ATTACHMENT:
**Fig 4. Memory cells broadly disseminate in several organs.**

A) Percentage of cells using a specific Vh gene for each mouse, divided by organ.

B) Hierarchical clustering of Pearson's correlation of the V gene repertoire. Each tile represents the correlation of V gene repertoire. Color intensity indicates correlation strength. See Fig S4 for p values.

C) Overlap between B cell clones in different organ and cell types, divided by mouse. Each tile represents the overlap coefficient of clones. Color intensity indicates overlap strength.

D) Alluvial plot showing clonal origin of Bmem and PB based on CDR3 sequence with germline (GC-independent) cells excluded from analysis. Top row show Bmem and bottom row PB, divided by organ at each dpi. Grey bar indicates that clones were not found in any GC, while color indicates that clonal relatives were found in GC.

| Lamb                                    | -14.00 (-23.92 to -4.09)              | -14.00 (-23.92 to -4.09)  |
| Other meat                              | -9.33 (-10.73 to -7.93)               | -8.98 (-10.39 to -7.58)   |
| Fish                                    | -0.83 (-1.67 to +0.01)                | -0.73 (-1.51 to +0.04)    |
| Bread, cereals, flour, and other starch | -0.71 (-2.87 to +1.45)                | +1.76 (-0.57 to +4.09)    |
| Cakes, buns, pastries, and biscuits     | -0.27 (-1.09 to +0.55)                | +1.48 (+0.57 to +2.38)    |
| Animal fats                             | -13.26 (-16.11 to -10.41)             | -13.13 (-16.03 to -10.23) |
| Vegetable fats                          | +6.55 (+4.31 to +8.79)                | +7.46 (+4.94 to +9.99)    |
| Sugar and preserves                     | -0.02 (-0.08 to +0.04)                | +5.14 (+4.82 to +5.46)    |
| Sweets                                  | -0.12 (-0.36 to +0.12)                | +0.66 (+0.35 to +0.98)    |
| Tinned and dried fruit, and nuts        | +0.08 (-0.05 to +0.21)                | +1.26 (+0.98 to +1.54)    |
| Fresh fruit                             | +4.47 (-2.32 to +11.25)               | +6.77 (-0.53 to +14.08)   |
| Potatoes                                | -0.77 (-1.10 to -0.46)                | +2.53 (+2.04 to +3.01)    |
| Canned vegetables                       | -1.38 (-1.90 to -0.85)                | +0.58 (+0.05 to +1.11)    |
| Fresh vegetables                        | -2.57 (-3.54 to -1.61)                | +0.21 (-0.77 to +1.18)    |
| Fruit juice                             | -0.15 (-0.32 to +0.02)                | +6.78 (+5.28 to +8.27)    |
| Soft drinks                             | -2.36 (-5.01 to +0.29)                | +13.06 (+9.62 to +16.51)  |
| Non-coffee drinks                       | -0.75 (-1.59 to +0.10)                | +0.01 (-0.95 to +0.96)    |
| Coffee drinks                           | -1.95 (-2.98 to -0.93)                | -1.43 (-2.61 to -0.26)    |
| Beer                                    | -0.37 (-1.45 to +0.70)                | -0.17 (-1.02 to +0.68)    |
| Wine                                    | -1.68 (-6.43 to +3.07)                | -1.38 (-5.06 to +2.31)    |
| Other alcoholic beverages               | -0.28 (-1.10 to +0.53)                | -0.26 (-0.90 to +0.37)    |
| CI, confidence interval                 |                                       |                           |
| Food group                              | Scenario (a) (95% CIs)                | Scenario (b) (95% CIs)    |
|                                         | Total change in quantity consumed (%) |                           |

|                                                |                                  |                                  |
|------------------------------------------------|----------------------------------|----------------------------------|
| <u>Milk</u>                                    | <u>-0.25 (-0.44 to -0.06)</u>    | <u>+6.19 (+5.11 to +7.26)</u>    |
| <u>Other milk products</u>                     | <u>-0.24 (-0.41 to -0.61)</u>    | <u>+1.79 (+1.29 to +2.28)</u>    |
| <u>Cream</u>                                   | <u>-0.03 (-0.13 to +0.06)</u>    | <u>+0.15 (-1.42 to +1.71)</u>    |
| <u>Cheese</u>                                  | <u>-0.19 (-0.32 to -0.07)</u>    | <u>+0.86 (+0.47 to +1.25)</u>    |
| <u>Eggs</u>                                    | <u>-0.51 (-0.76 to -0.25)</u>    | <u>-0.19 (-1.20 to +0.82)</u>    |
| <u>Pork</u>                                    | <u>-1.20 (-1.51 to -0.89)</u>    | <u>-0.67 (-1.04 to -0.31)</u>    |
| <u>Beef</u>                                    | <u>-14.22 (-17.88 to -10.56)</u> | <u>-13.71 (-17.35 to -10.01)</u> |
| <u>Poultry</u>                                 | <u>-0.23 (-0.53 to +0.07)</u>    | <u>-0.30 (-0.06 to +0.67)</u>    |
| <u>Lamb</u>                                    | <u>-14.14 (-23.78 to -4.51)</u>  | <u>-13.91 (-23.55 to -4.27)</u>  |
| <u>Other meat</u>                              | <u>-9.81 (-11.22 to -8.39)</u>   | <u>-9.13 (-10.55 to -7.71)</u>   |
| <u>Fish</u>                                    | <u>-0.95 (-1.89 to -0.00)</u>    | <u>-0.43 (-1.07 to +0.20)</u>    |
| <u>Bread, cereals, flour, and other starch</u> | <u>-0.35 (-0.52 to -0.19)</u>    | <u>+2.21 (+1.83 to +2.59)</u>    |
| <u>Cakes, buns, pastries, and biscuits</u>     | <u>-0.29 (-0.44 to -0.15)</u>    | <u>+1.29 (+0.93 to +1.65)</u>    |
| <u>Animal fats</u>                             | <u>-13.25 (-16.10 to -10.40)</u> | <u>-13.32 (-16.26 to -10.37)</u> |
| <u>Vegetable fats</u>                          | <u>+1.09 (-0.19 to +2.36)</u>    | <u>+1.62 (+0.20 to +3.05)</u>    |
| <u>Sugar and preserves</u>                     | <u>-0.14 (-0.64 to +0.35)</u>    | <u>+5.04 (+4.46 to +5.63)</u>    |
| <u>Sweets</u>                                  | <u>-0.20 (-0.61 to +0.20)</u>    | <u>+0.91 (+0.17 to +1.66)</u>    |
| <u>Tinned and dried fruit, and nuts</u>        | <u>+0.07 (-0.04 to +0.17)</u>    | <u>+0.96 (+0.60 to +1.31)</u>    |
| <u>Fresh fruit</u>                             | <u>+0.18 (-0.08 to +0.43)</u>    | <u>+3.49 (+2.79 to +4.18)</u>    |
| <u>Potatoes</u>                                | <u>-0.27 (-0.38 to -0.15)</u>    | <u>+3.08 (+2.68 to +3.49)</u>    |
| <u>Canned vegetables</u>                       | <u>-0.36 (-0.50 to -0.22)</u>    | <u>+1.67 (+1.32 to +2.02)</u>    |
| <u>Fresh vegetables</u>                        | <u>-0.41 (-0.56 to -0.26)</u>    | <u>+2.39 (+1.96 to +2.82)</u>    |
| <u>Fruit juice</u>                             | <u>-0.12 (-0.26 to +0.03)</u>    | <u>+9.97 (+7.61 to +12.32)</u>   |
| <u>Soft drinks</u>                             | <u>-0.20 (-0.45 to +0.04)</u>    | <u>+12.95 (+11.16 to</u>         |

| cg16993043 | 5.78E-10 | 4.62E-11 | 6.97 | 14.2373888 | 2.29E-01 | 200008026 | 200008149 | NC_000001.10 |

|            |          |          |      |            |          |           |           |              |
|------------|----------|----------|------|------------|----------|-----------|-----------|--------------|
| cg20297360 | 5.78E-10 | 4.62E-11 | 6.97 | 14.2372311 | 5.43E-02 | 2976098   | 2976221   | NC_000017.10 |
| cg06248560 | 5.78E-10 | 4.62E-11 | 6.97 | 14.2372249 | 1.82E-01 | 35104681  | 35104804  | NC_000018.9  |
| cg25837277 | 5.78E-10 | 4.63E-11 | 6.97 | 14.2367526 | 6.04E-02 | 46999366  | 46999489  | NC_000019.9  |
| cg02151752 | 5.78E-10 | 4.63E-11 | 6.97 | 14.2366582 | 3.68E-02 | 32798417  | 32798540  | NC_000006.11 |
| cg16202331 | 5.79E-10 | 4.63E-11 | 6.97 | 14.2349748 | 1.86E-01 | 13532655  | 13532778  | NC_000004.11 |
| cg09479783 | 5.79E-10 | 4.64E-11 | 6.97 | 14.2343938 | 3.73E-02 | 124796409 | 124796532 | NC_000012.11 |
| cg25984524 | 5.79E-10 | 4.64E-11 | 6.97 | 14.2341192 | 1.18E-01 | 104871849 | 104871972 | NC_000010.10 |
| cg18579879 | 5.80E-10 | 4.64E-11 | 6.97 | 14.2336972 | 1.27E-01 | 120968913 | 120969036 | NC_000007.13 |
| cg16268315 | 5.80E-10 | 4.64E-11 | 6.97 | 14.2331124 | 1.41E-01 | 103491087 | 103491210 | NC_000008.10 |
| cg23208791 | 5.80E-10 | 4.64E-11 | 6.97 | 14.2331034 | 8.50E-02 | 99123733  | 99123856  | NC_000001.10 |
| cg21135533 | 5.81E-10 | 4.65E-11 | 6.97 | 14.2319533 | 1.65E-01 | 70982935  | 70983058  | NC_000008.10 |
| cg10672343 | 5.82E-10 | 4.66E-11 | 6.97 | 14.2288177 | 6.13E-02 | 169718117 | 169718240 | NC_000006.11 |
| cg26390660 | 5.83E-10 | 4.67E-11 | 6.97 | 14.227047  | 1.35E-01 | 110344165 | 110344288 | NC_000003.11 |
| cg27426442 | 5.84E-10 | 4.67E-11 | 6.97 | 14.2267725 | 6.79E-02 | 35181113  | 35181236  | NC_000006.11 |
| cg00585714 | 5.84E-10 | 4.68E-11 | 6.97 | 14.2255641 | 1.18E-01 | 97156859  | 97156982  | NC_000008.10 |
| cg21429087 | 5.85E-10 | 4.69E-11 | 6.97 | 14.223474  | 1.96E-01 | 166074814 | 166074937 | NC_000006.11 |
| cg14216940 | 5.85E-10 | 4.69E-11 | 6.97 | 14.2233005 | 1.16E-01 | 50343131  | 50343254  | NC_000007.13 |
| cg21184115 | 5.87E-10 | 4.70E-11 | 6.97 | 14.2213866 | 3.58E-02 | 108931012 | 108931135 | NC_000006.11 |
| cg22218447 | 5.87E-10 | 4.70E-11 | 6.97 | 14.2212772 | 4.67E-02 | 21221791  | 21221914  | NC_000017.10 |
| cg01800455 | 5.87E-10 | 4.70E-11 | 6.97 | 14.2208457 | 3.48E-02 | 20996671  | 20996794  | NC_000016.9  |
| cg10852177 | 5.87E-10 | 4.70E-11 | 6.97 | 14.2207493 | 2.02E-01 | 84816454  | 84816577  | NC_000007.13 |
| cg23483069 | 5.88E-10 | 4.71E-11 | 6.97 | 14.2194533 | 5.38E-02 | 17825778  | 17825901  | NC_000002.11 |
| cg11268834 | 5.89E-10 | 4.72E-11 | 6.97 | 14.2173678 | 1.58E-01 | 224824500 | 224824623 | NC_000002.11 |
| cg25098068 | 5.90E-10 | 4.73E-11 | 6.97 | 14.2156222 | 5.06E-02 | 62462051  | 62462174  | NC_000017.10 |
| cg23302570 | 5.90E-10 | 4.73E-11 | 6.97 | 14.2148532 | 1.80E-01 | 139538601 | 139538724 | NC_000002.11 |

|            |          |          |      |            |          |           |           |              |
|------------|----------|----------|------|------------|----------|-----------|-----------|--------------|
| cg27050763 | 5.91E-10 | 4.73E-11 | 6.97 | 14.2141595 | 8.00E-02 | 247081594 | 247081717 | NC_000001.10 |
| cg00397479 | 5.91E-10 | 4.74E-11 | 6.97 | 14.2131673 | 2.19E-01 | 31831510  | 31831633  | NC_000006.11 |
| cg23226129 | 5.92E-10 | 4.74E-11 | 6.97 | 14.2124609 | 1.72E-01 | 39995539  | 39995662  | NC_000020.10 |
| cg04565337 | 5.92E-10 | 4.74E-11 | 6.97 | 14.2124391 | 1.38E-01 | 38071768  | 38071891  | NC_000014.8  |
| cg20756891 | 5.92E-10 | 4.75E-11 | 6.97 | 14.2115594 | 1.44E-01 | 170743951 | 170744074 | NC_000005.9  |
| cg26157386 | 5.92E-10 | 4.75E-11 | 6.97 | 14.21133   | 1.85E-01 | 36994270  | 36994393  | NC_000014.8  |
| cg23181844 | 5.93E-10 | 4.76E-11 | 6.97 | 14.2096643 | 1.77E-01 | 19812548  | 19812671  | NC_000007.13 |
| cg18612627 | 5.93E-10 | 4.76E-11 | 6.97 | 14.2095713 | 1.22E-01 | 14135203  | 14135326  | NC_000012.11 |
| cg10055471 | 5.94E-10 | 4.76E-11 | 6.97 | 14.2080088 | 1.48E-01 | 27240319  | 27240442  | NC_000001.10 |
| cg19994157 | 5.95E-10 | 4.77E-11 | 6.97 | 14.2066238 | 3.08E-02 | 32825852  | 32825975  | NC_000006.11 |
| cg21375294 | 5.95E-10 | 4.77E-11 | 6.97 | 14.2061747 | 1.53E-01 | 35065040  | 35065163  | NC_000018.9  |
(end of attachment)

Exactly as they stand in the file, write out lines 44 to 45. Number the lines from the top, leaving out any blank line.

| <u>Cakes, buns, pastries, and biscuits</u>     | <u>-0.29 (-0.44 to -0.15)</u>    | <u>+1.29 (+0.93 to +1.65)</u>    |
| <u>Animal fats</u>                             | <u>-13.25 (-16.10 to -10.40)</u> | <u>-13.32 (-16.26 to -10.37)</u> |